The loss was seven cents per share worse than the “paid” analysts (at Lake Street Capital, JMP Securities and Craig Hallum) had predicted. But Bob was… spot on, as ever!
More in a moment. Bob has these jokers — dead to rights! And it will be fascinating to watch how quickly Mr. Singer, the activist behind Viex — a new 5 per cent stock-holder — surfaces, to advocate for more aggressive changes in the business model, and executive management. And perhaps… the board, as well.
U G L Y.
As Bob points out, the company had to really push the large accounts for collections, in order to get to the level of cash flow burn they are now showing. Truly ugly.
Several large deals are (once again) taking longer in getting to the start line, and/or fully deployed, according to CFO and board member Mullen. Same old song — same old. Same old.
Only $10.558 million in total revenue.
Another humpty-dumpty quarter. Look for the stock to fall again, tomorrow.
CEO Conway is openly saying that the company needs to rebuild its pipeline — it is relying on too few deals, and so a delay in more than one causes a miss at the revenue line, on the quarter. Mr. Conway is finally admitting what has been clear since Q2 2016 — the larger customers are taking “slow walks“, or even a “wait and see” approach — to deploying into larger seat footprints.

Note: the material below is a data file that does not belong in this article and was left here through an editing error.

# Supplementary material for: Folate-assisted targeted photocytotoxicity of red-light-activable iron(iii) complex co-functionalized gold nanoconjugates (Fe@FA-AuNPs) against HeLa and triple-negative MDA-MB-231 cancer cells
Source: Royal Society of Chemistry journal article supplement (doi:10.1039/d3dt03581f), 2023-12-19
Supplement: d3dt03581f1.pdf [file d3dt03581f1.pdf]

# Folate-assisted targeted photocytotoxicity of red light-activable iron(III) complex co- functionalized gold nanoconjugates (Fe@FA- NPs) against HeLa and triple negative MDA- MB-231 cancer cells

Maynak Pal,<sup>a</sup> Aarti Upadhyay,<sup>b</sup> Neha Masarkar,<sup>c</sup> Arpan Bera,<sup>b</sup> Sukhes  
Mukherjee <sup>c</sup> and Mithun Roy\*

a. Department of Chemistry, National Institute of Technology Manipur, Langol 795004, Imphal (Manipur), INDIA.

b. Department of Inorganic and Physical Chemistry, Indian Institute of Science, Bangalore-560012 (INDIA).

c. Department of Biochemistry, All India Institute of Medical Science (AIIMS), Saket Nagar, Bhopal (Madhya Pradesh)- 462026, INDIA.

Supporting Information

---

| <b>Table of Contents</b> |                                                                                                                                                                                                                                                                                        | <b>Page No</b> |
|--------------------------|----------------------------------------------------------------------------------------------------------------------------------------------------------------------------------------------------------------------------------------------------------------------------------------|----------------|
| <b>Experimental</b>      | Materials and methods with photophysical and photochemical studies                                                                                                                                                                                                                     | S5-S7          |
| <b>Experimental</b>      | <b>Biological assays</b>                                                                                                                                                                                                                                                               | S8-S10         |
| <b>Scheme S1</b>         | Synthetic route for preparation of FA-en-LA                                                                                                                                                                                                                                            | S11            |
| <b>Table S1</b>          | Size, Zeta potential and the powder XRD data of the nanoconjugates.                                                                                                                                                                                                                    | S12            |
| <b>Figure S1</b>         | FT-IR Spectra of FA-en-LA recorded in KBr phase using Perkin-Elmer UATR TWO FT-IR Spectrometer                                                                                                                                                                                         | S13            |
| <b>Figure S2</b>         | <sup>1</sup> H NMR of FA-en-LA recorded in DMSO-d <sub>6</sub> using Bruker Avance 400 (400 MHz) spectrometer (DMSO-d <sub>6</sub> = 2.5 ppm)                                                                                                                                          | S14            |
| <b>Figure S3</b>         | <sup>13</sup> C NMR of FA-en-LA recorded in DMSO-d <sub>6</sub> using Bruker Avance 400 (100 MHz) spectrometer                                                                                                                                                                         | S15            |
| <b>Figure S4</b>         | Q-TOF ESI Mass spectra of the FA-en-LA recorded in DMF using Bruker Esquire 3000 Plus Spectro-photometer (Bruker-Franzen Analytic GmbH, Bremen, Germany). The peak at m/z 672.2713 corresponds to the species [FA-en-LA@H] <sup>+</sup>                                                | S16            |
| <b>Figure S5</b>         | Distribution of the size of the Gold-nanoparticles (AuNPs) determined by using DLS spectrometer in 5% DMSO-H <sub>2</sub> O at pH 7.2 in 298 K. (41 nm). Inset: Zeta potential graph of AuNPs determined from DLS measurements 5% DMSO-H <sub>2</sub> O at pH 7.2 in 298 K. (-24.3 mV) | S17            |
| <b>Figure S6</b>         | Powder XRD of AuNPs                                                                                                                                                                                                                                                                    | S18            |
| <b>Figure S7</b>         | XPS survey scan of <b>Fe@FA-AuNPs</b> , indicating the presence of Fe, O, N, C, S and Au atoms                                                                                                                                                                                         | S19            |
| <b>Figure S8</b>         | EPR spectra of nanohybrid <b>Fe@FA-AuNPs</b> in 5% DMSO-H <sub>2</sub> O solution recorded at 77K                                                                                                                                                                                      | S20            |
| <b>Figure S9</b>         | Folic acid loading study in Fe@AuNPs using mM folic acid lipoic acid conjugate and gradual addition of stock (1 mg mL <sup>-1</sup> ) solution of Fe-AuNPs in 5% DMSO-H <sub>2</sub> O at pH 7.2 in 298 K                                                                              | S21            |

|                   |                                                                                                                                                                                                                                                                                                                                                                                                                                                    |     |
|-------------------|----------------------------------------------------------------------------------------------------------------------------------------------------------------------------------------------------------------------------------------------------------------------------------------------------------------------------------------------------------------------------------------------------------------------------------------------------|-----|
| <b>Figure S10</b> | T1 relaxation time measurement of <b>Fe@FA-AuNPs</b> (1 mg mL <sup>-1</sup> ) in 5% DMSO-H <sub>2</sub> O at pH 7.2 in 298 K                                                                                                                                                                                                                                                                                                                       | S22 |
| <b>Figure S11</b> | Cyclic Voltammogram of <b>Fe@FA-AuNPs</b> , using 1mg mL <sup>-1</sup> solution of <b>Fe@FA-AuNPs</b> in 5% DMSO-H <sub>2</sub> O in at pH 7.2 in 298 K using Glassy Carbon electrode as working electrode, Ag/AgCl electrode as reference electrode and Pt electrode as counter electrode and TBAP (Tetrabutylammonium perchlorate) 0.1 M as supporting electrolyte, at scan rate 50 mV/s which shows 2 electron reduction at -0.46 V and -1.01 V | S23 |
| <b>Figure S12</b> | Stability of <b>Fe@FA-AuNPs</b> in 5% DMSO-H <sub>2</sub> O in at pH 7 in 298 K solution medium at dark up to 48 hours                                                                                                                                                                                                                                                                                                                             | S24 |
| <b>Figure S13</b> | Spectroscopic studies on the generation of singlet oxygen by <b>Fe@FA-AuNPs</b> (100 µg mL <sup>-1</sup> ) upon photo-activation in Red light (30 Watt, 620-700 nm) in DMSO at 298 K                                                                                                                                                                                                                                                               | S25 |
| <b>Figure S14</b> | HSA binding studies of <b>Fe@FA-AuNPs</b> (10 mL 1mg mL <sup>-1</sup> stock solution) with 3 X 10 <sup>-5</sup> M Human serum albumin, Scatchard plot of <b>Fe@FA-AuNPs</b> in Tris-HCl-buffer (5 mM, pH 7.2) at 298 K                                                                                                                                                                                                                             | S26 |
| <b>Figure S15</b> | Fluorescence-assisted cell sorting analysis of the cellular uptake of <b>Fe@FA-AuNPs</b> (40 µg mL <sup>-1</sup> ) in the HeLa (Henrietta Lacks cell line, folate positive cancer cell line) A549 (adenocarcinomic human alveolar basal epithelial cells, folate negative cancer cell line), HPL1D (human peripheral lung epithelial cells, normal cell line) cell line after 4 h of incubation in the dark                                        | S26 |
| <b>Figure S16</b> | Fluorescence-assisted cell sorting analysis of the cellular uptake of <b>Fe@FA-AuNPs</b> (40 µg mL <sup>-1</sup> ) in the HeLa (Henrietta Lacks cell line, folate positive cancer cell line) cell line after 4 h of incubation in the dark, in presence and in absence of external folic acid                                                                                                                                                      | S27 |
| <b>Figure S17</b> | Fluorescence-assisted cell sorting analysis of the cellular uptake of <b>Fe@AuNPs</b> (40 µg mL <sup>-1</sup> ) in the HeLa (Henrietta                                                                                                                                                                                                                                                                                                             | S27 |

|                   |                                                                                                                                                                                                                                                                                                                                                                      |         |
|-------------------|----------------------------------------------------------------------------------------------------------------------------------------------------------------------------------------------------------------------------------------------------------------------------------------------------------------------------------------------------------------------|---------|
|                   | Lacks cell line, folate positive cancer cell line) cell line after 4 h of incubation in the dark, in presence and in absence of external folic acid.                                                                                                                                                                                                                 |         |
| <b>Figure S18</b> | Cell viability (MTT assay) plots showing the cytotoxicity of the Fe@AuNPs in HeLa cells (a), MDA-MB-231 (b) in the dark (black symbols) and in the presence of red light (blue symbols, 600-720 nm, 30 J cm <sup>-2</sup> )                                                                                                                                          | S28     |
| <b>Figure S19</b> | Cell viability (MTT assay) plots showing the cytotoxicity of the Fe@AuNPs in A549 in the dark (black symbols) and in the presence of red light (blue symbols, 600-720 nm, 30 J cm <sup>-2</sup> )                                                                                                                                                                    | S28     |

We will listen to the call in a few moments.
That ought to be… priceless.
I am on the call now — revenues falling (per the SEC filed Q2 2017 slide deck):
The Lake Street Capital analyst just called “Q2 2017 a disappointing replay of Q1 2017….” That sums it up.
George Sutton of Craig-Hallum is asking for granularity on the way they think they can get to a projection of EBITDA positive (as adjusted) in Q4 2017. That’s a projection they are remaking, expecting $300,000 of cost savings per quarter in Q3 and Q4 2017 — compared to Q1 and Q2.
It seems, says Mr. Sutton, the “price rebate guarantee” is not driving all the leverage the company had hoped for. Now Mr. Conway is explaining how hard it is to sell to large companies’ procurement functions.
This is just… sad. There is no other word for it.
JMP Securities is asking what was the typical sales cycle a year ago, as compared to today? Great question! CEO Conway says they are so different, that one cannot generalize. What an ugly dodge.
I’ll close this by posting a link to the same Q2 call — but from five years ago: 2012. Except for the CFO, it is a… dead ringer. These guys have been telling this same “Cubs story” (i.e., wait until next year) for 17 years. Un-freaking-believable. But actually, that is now an insult to… the Cubs. They actually… won. It was in the papers — at least I think it was.